This post continues this series on the Nishmablog that features responses on JVO by one of our two Nishma Scholars who are on this panel. This week's presentation is to one of the questions to which Rabbi Hecht responded.
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Question: Even though circumcision is to enter into the covenant of Abraham, what about aesthetics, health, hygiene, and sanitation? Isn't circumcision for those things, too?
What exactly is your question? If circumcision indeed has many other benefits, what is the problem? What is your issue with saying that “circumcision is to enter into the covenant of Abraham” but it may also have benefits touching upon “aesthetics, health, hygiene and sanitation” and thus may be “for those things, too”?
What you may be addressing, though, is the question of: bottom line, why are we to be doing this? The issue is not the many benefits that may also flow from circumcision and the various reasons why individuals may wish to choose this procedure for their sons but why we, as Jews, are to undertake this commitment. It is in this regard that we are to say that THE reason why we adopt this behaviour is because it is God’s commandment to thereby enter into the covenant of Abraham. There may be other motivations and outcomes but, bottom line, we to commit to this behaviour solely because of this reason.
The issue really is tied to a powerful Talmudic discussion (see, for example, T.B. Rosh Hashanah 28b) of whether mitzvot, commandments, need proper intent (kavana) or not. If we say that mitzvot do not need proper intent, then all that is necessary to fulfill a commandment is the performance of the act, regardless of the reason one is undertaking this action. If that were the case, one who circumcises his son for any reason, without even any recognition of its religious value, would be considered to be fulfilling the Divine command.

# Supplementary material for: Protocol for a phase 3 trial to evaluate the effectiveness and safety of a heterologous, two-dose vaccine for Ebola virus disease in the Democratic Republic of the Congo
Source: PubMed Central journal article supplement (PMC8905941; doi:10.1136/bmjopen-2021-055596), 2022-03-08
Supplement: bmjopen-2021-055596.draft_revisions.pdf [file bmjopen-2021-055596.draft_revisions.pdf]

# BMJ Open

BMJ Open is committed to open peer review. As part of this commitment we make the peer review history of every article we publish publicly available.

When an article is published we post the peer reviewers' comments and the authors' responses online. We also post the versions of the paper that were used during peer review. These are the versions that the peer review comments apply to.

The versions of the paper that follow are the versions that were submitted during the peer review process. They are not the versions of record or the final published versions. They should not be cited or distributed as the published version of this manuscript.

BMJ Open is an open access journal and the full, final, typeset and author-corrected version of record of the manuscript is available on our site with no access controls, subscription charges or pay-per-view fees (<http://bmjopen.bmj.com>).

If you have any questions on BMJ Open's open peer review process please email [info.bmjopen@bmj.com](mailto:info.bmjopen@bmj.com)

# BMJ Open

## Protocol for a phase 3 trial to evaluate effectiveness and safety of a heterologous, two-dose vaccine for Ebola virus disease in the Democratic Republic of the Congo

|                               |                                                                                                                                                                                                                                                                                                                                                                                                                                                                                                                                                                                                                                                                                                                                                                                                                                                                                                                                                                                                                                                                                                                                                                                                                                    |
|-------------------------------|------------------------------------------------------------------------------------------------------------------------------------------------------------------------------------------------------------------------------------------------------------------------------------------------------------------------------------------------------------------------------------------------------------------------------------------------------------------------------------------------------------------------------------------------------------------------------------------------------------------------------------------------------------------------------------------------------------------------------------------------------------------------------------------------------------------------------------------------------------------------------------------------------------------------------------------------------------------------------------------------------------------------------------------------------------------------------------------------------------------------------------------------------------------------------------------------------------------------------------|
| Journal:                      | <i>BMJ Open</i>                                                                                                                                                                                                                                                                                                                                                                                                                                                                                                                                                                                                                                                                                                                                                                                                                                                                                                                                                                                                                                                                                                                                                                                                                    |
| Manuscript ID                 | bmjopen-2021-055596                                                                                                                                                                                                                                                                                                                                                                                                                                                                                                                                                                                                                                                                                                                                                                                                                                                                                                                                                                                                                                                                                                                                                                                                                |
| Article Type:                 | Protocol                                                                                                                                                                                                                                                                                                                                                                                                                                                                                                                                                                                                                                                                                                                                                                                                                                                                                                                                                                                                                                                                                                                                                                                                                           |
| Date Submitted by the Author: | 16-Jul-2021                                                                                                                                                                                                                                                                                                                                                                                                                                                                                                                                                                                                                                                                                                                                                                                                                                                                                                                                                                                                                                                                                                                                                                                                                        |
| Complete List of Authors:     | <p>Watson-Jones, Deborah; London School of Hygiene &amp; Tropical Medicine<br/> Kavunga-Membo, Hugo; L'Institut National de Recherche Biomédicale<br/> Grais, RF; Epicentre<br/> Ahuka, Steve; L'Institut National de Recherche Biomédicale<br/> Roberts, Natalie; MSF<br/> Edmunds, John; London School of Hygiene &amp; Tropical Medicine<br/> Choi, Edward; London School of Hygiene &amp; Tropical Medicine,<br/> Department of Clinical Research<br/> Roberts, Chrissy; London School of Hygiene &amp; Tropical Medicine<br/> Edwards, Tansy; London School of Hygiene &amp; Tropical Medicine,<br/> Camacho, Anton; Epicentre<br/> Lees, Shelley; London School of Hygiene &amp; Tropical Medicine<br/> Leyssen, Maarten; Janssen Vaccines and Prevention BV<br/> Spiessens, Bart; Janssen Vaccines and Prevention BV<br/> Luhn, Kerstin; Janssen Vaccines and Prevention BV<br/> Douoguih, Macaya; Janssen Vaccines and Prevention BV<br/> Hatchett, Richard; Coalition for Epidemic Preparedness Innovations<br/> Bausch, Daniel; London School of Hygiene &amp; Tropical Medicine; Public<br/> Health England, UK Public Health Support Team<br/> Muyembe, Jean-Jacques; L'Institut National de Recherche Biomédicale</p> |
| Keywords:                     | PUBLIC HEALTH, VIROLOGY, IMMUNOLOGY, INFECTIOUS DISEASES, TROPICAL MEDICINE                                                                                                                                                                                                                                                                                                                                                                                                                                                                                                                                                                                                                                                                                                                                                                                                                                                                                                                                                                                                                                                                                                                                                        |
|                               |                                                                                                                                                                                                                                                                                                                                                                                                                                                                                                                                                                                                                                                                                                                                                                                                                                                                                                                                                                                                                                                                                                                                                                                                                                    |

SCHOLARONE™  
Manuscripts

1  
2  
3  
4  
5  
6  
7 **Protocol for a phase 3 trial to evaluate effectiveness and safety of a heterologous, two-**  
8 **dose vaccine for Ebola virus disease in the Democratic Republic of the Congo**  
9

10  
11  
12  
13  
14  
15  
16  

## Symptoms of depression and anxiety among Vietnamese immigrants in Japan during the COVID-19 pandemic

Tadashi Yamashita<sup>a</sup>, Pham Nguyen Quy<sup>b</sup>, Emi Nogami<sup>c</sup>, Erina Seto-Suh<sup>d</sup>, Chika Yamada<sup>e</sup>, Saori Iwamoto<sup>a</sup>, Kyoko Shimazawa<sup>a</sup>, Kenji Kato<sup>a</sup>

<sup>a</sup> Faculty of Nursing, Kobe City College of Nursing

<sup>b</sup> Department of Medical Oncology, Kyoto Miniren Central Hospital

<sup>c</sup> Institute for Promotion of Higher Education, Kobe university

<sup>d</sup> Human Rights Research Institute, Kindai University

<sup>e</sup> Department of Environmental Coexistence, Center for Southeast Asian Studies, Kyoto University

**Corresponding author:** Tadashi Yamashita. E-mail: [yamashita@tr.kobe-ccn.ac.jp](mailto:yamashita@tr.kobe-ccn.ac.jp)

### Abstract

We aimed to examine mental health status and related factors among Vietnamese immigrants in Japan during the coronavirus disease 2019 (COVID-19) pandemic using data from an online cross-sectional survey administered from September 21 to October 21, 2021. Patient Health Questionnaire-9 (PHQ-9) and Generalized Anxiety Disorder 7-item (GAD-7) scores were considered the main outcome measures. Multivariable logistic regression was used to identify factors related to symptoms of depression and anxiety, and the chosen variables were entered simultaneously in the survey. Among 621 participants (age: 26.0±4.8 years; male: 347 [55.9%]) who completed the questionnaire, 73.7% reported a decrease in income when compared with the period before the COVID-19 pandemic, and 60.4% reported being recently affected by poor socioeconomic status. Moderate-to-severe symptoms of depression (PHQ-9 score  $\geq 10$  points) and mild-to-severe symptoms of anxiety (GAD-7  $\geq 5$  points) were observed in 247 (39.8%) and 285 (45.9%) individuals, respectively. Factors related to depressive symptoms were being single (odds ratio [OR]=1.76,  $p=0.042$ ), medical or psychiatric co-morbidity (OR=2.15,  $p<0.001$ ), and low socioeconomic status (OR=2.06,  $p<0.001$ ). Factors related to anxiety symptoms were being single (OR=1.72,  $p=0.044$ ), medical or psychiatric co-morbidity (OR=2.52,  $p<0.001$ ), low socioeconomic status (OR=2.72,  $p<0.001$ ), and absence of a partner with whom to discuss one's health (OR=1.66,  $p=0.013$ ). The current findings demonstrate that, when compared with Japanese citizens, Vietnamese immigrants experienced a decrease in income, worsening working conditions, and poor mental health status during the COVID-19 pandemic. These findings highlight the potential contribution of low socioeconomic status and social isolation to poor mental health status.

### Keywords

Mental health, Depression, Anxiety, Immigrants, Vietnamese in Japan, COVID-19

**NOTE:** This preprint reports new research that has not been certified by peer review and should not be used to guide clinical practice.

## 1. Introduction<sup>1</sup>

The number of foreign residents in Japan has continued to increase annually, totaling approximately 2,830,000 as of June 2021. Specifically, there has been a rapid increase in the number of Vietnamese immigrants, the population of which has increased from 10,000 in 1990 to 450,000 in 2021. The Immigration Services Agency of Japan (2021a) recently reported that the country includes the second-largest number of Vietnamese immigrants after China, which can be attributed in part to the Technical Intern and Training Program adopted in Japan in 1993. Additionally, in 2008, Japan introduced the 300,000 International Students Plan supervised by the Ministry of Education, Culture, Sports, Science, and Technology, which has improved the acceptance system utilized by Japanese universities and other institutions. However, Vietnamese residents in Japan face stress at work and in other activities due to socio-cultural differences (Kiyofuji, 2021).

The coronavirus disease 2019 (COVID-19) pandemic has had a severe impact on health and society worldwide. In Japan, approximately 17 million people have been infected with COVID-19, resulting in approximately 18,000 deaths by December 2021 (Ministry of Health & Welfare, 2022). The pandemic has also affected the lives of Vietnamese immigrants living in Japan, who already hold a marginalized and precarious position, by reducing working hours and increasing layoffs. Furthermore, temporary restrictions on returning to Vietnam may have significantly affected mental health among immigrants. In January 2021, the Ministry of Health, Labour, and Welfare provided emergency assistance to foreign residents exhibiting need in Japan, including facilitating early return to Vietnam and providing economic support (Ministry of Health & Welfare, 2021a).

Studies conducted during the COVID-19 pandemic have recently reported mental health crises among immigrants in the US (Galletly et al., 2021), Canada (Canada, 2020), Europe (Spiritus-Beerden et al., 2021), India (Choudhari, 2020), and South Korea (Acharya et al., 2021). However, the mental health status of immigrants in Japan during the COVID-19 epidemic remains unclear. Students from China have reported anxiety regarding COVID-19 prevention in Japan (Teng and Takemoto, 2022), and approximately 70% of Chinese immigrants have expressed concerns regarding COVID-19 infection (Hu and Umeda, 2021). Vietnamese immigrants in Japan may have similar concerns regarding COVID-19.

The actual dominant conclusion, though, is that commandments do need proper intent in order to be deemed fulfilled. Proper intent means undertaking the action because it is so commanded by God. As such, pursuant to this perspective, for a circumcision to be deemed as having religious value, it must be performed because it is a Divine commandment. One may still recognize other benefits but the necessary motivation must be God’s command. (The issue of what one is then to do if a circumcision was not undertaken with proper intent and the responsible person now wishes the correct religious value of circumcision is actually a most pertinent one. I do not want to get into details in this regard but suffice it to say that there is actually a simple solution to the problem and one with this issue need only to consult a local Orthodox rabbi in this regard.)
So what about these other reasons? While we must always recognize our limitations in achieving a full understanding of why God gave us a specific command, such reasons can serve to some extent as partial explanations for the command. They can also be used to make our fulfilment of the command a bit easier; it is easier to do what we are being told to do when we can also see a benefit. There is nothing wrong in seeing the benefit(s) of a Divine command. It can even, as stated, make it easier and nothing wrong in that. There is a challenge, however, in that we still cannot thereby allow these other reasons to cause us to lose sight of the real reason we are doing this: to fulfill the Will of God. The point is that we must never to lose sight of the fact that circumcision is a Divine command and that it is the sign from Abraham of our covenant with God – and this is bottom line reason for this act.